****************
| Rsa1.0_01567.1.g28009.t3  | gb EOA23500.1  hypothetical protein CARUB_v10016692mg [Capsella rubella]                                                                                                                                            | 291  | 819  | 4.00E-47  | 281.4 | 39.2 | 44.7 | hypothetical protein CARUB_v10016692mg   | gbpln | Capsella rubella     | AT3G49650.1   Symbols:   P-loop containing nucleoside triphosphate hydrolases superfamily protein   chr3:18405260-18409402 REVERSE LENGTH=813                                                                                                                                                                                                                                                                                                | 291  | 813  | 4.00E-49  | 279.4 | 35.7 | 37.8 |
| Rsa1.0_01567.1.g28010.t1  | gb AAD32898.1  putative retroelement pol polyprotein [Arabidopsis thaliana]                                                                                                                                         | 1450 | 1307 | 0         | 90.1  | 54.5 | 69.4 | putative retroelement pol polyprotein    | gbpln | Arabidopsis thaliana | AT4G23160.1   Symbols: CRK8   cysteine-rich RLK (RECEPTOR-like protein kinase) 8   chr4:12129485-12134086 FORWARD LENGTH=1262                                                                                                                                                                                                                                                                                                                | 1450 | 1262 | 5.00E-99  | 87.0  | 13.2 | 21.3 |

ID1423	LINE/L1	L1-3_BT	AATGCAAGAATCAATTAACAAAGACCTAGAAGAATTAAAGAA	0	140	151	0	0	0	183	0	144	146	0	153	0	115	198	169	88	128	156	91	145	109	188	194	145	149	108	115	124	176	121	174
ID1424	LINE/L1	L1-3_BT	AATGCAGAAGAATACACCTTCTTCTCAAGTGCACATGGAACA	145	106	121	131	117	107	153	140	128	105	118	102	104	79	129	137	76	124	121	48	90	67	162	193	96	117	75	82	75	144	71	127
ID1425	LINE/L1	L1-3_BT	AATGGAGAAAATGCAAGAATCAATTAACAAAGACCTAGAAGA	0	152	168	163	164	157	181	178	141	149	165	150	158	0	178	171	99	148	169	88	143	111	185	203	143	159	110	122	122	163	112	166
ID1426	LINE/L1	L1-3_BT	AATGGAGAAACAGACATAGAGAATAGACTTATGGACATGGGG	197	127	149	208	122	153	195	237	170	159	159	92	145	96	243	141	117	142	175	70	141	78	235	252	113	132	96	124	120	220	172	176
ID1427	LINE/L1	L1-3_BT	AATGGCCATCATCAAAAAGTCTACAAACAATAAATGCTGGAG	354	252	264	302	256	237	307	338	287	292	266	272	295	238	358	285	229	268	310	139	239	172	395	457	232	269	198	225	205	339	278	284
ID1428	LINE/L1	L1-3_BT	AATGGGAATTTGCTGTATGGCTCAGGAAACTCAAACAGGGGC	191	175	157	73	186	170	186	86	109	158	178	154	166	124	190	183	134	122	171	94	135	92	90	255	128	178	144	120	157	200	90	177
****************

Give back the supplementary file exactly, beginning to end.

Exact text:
| Rsa1.0_01567.1.g28009.t3  | gb EOA23500.1  hypothetical protein CARUB_v10016692mg [Capsella rubella]                                                                                                                                            | 291  | 819  | 4.00E-47  | 281.4 | 39.2 | 44.7 | hypothetical protein CARUB_v10016692mg   | gbpln | Capsella rubella     | AT3G49650.1   Symbols:   P-loop containing nucleoside triphosphate hydrolases superfamily protein   chr3:18405260-18409402 REVERSE LENGTH=813                                                                                                                                                                                                                                                                                                | 291  | 813  | 4.00E-49  | 279.4 | 35.7 | 37.8 |
| Rsa1.0_01567.1.g28010.t1  | gb AAD32898.1  putative retroelement pol polyprotein [Arabidopsis thaliana]                                                                                                                                         | 1450 | 1307 | 0         | 90.1  | 54.5 | 69.4 | putative retroelement pol polyprotein    | gbpln | Arabidopsis thaliana | AT4G23160.1   Symbols: CRK8   cysteine-rich RLK (RECEPTOR-like protein kinase) 8   chr4:12129485-12134086 FORWARD LENGTH=1262                                                                                                                                                                                                                                                                                                                | 1450 | 1262 | 5.00E-99  | 87.0  | 13.2 | 21.3 |

ID1423	LINE/L1	L1-3_BT	AATGCAAGAATCAATTAACAAAGACCTAGAAGAATTAAAGAA	0	140	151	0	0	0	183	0	144	146	0	153	0	115	198	169	88	128	156	91	145	109	188	194	145	149	108	115	124	176	121	174
ID1424	LINE/L1	L1-3_BT	AATGCAGAAGAATACACCTTCTTCTCAAGTGCACATGGAACA	145	106	121	131	117	107	153	140	128	105	118	102	104	79	129	137	76	124	121	48	90	67	162	193	96	117	75	82	75	144	71	127
ID1425	LINE/L1	L1-3_BT	AATGGAGAAAATGCAAGAATCAATTAACAAAGACCTAGAAGA	0	152	168	163	164	157	181	178	141	149	165	150	158	0	178	171	99	148	169	88	143	111	185	203	143	159	110	122	122	163	112	166
ID1426	LINE/L1	L1-3_BT	AATGGAGAAACAGACATAGAGAATAGACTTATGGACATGGGG	197	127	149	208	122	153	195	237	170	159	159	92	145	96	243	141	117	142	175	70	141	78	235	252	113	132	96	124	120	220	172	176
ID1427	LINE/L1	L1-3_BT	AATGGCCATCATCAAAAAGTCTACAAACAATAAATGCTGGAG	354	252	264	302	256	237	307	338	287	292	266	272	295	238	358	285	229	268	310	139	239	172	395	457	232	269	198	225	205	339	278	284
ID1428	LINE/L1	L1-3_BT	AATGGGAATTTGCTGTATGGCTCAGGAAACTCAAACAGGGGC	191	175	157	73	186	170	186	86	109	158	178	154	166	124	190	183	134	122	171	94	135	92	90	255	128	178	144	120	157	200	90	177